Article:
“Racism continues to be the unacceptable scandal of American society and the American churches. In spite of some gains such as the diversity of supporters for “Black Lives Matter,” even the best intentioned among us remain largely ignorant of the actual life experience of those who are other than ourselves. This collection of testimonies, edited by Rudy Rasmus, helps remedy that by simply recounting personal stories of being Black, Christian, and Methodist in the United States. White Methodist Christians in particular need to read these stories and take them to heart so that racism and its divisiveness is countered by shared experience and recognition of common humanity across difference. More White Methodists need not only reject racism in our society and church but become active anti-racists willing to do the hard work to create the beloved community, dreamed about by Martin Luther King in the 1960s civil rights movement.
—Bruce C. Birch, Dean Emeritus and Professor Emeritus of Biblical Theology
Wesley Theological Seminary, Washington DC

“This book is a powerful collection interweaving personal stories, denominational and intercultural practices, and Black lives bearing hopeful witness. Readers will have their consciousness raised, and they will think more deeply about the meaning of beloved community and the embodiment of the justice of God.”
—Harold J. Recinos, Professor of Church and Society, Perkins School of Theology/SMU, Dallas, Texas

“For hundreds of years, we have not listened. This book is our chance to hear the words of the Black leaders in our church. They will change us, remake us, and reform us. Get ready to be transformed by painful truth and deep love.
—Rev. Dr. Dottie Escobedo-Frank, Lead Pastor, Catalina United Methodist Church, Tucson, Arizona

"I’m Black gives readers a clear picture of the diversity and value of Black culture in church and society. After reading the dynamic stories told by these faithful, transformative church leaders, Black lives will be cherished, and systemic change for the better will take place.”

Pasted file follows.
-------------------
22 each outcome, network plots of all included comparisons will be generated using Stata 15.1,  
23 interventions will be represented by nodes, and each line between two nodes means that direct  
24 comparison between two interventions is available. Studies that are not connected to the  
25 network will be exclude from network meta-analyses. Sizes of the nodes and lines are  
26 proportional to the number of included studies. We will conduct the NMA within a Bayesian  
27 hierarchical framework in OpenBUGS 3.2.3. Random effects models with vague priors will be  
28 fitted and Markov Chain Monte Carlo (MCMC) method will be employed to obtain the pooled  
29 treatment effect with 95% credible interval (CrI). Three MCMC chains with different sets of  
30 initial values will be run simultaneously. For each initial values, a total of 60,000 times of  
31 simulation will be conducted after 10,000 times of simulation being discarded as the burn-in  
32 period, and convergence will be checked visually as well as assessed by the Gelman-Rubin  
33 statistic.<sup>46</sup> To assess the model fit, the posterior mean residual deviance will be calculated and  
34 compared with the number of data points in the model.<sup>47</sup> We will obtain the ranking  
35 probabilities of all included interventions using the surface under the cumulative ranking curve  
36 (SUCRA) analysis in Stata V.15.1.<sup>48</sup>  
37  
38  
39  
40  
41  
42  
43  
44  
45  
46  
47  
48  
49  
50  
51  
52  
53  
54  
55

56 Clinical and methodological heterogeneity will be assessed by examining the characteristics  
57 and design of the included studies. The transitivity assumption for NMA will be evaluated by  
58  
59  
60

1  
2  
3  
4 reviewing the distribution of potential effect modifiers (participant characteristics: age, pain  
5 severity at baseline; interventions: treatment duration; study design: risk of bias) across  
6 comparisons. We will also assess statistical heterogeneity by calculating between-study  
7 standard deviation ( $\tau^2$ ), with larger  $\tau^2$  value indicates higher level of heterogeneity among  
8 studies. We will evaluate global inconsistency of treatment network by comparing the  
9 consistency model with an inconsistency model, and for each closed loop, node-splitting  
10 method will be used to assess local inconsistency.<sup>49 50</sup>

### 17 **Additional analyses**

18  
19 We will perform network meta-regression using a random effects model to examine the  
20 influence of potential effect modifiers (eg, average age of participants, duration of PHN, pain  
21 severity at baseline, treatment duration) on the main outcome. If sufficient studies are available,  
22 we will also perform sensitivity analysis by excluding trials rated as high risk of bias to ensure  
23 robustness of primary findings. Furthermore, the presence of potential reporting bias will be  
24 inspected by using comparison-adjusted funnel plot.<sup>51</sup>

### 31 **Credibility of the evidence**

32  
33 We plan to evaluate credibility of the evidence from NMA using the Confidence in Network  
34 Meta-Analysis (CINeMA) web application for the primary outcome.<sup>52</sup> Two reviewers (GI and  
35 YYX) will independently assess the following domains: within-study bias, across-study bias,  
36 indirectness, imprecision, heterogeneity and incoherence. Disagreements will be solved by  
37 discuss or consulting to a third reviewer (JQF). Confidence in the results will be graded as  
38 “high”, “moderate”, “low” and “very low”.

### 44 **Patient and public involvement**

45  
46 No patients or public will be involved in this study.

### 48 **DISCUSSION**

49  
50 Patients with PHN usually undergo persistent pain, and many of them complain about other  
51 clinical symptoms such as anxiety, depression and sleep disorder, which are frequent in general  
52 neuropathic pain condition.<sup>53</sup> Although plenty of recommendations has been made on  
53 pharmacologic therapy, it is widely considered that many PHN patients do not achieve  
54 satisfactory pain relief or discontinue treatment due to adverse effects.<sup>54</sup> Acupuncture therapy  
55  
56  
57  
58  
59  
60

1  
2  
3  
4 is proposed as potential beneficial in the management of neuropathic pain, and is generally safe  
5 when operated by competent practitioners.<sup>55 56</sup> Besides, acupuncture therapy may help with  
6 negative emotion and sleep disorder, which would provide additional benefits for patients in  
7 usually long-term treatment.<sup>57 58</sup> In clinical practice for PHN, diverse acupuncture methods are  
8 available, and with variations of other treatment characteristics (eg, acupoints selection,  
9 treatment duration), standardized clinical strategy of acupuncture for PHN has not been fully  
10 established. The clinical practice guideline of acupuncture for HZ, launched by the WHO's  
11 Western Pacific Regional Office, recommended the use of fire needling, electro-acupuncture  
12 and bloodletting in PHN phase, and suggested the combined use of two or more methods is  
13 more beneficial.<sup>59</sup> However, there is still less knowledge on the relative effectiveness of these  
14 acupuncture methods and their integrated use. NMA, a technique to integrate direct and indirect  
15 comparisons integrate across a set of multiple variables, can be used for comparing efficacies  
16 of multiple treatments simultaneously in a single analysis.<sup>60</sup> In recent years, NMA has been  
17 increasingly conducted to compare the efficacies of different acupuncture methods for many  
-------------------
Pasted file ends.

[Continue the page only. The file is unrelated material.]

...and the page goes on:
—Joseph W. Daniels, Jr. , Lead Pastor, Emory United Methodist Church, Washington, D.C.

"Dr. Rudy Rasmus and others give an insightful look into what it means to be black, Christian and Methodist in America. Their perspectives on the status and plight of being black in America are both engaging and riveting. If you are looking for ways to better understand the nuances and many faces of African American Methodist evangelical life in America, this book is a must-read!"
—The Reverend J. Elvin Sadler, D.Min., General Secretary-Auditor, The A.M.E. Zion Church
Assistant Dean for Doctoral Studies, United Theological Seminary, Dayton, Ohio

"I endorse this powerful book of Essays conceived and edited by my friend Pastor Rudy Rasmus. It is a book for our current and future realities facing the Black Church a must read."
—Deborah Bass , Vice-Chairperson, National BMCR

About the Authors

Lillian C. Smith

Lillian C. Smith is senior pastor, Cheverly United Methodist Church, Hyattsville, Maryland. She previously served in denominational agencies and the Pennsylvania conference office. In addition to contributing to 365 Meditations for Women by Women, she has written Sunday school curriculum for youth.